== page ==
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Meet Amy Lester

Posted November 13, 2013 in Community Featured, Norwalk
Amy Lester helped pioneer a new P.E. program for special education students.

Amy Lester helped pioneer a new P.E. program for special education students.

Tears of joy well up in Amy Lester’s eyes as she describes a recent scene: A special education student rolled down Senior Hallway and students from the general population offered jovial high-fives, fist bumps, hugs, “how ya doin’s” and “hellos.”

This kind of social acceptance for special needs students hasn’t always been so prevalent.

Lester teaches grades six – 12 special education at Norwalk High School. She teaches life skills like how to read, cook and do laundry, as well as math and some of the more traditional school subjects.

“We teach anything and everything that people do in their daily life to make them as independent as possible (in their) post-high-school (lives).” She adds, “I love my job.”

Lester helped develop the Peer P.E. Program. This program matches students from the general student population as mentors for the special education students, mostly during physical education class.

In the past, the special education students were placed in the standard P.E. classes and, according to Lester, this was often like trying to fit a square peg into a round hole. The students with special needs were often relegated to standing around and watching or enduring a less-than-optimum experience.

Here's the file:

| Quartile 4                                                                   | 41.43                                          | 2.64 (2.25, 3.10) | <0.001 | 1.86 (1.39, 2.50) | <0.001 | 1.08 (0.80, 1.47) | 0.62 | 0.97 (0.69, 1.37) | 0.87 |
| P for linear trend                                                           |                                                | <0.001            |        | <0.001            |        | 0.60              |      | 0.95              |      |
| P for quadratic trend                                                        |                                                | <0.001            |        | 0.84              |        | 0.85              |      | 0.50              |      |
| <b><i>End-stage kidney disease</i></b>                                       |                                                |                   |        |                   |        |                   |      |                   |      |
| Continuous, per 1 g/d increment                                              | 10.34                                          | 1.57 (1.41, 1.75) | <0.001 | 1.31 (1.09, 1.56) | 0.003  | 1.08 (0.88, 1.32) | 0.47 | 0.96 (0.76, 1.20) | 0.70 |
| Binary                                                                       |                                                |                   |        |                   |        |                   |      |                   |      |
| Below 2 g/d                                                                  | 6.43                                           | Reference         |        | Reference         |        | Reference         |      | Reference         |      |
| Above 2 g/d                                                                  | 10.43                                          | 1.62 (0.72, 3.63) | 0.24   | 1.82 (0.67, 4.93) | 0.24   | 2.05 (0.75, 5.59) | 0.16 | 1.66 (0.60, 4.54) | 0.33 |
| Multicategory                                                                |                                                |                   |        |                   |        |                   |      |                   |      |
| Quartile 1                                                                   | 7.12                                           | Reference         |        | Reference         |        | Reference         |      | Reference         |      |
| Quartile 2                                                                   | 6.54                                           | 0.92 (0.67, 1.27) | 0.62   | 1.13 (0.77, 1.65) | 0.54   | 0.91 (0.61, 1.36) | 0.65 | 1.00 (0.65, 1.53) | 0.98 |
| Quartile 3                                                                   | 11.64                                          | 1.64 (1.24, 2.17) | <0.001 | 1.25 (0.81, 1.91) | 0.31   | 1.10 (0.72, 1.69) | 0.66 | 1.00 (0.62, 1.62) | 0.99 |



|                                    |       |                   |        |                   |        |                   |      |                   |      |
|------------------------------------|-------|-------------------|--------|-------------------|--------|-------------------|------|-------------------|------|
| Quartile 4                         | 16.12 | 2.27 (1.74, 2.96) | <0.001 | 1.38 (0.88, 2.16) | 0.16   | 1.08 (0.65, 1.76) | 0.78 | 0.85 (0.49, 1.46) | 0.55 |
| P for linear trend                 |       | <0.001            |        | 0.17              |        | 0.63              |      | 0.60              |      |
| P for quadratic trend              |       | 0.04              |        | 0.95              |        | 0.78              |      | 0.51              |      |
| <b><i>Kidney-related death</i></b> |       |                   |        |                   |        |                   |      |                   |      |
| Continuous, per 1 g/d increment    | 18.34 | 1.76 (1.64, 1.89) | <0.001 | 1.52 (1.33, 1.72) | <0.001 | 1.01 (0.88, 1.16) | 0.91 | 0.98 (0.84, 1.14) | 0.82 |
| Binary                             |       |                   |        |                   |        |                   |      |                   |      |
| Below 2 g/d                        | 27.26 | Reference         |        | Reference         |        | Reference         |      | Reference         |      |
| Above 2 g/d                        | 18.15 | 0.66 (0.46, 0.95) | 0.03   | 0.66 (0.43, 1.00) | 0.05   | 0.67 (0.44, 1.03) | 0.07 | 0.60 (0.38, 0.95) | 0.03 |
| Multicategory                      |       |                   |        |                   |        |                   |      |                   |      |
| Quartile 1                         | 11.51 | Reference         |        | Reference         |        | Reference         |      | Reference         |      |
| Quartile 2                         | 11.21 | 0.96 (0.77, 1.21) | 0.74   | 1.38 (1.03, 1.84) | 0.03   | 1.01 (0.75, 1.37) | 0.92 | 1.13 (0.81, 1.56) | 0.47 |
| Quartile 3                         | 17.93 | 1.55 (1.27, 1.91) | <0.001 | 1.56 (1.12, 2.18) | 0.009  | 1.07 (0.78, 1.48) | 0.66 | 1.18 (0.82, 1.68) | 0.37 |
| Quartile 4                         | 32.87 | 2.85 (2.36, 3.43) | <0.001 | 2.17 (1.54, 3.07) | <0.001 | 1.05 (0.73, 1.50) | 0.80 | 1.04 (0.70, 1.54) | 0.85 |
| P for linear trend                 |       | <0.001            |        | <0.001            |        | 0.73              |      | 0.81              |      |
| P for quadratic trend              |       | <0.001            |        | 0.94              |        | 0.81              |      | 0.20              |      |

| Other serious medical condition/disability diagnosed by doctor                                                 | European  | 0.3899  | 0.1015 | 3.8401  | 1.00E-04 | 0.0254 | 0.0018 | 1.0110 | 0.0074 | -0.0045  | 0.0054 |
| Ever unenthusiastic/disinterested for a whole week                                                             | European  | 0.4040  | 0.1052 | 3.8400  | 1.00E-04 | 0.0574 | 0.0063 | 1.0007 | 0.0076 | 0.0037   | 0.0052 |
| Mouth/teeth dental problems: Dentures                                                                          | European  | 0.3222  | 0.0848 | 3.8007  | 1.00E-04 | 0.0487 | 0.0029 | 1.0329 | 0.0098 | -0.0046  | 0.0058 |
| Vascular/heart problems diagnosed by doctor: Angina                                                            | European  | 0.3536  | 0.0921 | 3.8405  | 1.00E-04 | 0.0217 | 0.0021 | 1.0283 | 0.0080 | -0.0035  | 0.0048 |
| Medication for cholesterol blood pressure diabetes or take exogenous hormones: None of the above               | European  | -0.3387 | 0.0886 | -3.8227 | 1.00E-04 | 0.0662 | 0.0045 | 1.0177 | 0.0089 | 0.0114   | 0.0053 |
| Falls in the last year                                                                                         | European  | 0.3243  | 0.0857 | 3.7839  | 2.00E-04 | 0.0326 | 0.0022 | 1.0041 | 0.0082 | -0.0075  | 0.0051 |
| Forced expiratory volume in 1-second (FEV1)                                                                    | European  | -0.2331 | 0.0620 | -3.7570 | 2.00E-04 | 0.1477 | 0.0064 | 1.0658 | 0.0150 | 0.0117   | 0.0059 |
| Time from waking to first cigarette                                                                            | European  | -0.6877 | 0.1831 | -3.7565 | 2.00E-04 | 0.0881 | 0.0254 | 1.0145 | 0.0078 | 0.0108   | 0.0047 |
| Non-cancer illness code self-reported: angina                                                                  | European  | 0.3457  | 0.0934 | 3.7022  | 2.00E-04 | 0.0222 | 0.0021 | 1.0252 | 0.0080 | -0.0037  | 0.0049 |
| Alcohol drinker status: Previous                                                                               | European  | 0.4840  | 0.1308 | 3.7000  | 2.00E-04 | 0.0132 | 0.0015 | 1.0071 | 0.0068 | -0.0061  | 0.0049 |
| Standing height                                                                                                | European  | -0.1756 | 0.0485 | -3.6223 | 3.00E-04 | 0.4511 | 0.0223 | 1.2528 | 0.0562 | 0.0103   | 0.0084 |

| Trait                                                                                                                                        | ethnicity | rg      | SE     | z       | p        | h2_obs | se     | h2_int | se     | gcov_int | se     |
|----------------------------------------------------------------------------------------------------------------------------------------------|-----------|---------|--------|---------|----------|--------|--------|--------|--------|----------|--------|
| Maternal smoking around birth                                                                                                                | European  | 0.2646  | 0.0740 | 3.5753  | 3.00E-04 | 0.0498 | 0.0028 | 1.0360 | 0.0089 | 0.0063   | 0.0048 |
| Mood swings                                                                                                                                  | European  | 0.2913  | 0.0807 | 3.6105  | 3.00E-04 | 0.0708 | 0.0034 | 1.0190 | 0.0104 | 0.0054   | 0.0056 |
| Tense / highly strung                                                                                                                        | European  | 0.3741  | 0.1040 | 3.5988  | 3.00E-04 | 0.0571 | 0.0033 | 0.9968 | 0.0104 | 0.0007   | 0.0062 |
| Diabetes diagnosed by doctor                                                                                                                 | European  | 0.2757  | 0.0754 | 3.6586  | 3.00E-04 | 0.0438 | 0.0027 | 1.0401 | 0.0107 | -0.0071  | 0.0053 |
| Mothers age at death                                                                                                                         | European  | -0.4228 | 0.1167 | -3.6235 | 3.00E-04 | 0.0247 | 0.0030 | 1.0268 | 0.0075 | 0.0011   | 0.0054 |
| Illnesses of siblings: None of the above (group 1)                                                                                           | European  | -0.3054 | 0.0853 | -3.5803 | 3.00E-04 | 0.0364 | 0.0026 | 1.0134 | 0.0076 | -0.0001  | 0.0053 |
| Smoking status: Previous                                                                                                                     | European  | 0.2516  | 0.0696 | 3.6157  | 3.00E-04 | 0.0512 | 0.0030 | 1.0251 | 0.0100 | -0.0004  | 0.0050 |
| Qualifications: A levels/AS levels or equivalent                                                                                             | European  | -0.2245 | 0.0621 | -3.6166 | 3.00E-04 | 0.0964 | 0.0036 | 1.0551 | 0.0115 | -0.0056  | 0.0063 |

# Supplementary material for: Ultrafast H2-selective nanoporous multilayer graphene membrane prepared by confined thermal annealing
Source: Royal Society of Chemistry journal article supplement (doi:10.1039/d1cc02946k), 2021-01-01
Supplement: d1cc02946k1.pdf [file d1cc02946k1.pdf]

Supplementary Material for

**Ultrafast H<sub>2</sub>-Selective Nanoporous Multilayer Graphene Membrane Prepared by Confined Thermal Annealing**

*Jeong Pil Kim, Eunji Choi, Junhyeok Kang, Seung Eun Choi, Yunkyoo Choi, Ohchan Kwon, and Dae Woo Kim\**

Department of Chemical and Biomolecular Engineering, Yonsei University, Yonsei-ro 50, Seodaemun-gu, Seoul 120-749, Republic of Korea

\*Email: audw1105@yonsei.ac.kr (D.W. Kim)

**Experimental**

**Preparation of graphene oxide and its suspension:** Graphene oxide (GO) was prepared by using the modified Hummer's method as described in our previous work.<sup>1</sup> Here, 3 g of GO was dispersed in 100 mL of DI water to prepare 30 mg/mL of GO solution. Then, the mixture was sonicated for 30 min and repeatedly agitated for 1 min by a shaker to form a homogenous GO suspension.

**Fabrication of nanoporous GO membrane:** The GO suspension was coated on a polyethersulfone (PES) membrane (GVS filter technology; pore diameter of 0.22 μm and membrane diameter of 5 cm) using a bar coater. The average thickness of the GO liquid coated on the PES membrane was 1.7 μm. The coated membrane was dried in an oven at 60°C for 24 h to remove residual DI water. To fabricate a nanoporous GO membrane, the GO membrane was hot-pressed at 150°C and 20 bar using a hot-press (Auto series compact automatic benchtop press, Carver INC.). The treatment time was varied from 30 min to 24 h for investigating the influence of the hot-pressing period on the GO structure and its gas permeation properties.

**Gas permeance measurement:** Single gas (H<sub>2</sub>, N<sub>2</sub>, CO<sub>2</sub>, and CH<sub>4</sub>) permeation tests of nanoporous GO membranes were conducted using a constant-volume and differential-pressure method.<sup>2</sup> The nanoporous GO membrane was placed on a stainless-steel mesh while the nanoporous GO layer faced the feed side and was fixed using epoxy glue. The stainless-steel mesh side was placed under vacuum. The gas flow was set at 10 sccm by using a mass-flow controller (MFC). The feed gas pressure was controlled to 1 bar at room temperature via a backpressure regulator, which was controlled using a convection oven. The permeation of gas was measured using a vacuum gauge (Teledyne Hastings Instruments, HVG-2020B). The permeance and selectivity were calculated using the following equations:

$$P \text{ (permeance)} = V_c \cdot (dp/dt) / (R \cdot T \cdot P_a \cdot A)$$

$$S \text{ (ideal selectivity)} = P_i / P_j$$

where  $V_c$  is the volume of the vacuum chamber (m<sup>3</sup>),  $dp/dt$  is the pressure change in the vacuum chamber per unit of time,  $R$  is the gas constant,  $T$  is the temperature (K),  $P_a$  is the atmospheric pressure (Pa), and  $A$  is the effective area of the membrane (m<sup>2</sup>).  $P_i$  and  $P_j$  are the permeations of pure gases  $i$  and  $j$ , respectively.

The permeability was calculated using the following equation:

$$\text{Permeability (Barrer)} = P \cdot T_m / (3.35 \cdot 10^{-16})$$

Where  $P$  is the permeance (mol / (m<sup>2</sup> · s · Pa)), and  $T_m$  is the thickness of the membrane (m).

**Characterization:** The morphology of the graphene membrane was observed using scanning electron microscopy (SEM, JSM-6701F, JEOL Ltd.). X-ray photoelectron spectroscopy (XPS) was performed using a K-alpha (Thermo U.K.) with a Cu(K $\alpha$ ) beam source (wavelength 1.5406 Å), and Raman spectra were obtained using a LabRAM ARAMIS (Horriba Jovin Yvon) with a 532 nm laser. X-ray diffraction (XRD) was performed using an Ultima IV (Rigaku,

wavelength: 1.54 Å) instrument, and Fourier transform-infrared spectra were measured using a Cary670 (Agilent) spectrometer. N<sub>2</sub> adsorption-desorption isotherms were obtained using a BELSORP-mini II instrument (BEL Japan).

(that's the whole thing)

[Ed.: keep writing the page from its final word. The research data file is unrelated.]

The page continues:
“It just didn’t work for them,” Lester says about physical education for kids with special needs prior to the new program.

The new program allows the special needs students to play games amongst themselves that are designed specifically for them.  Other students can volunteer to help the games run more smoothly.

For instance, instead of playing a fast-paced game of volleyball while mixed into the more athletic general population, the special needs students now play volleyball with a puffier, bigger beach ball.

The new model is more accommodating and allows the students to be more interactive and involved in the action.

Just as importantly, the interaction between the students with special needs and the other students has led to a better understanding of one another and has led to the type of scene laid out at the beginning of this story.

Lester is clearly passionate about her work and the program.  As she recounts the scene from Senior Hallway, she dabs at her eyes and says that there has been a “complete and total climate change. It’s really neat to see.”

“I’ve taught at three different schools,” Lester says. “And by far we have the best students here.”

Some might say there are some pretty good teachers in Norwalk also.





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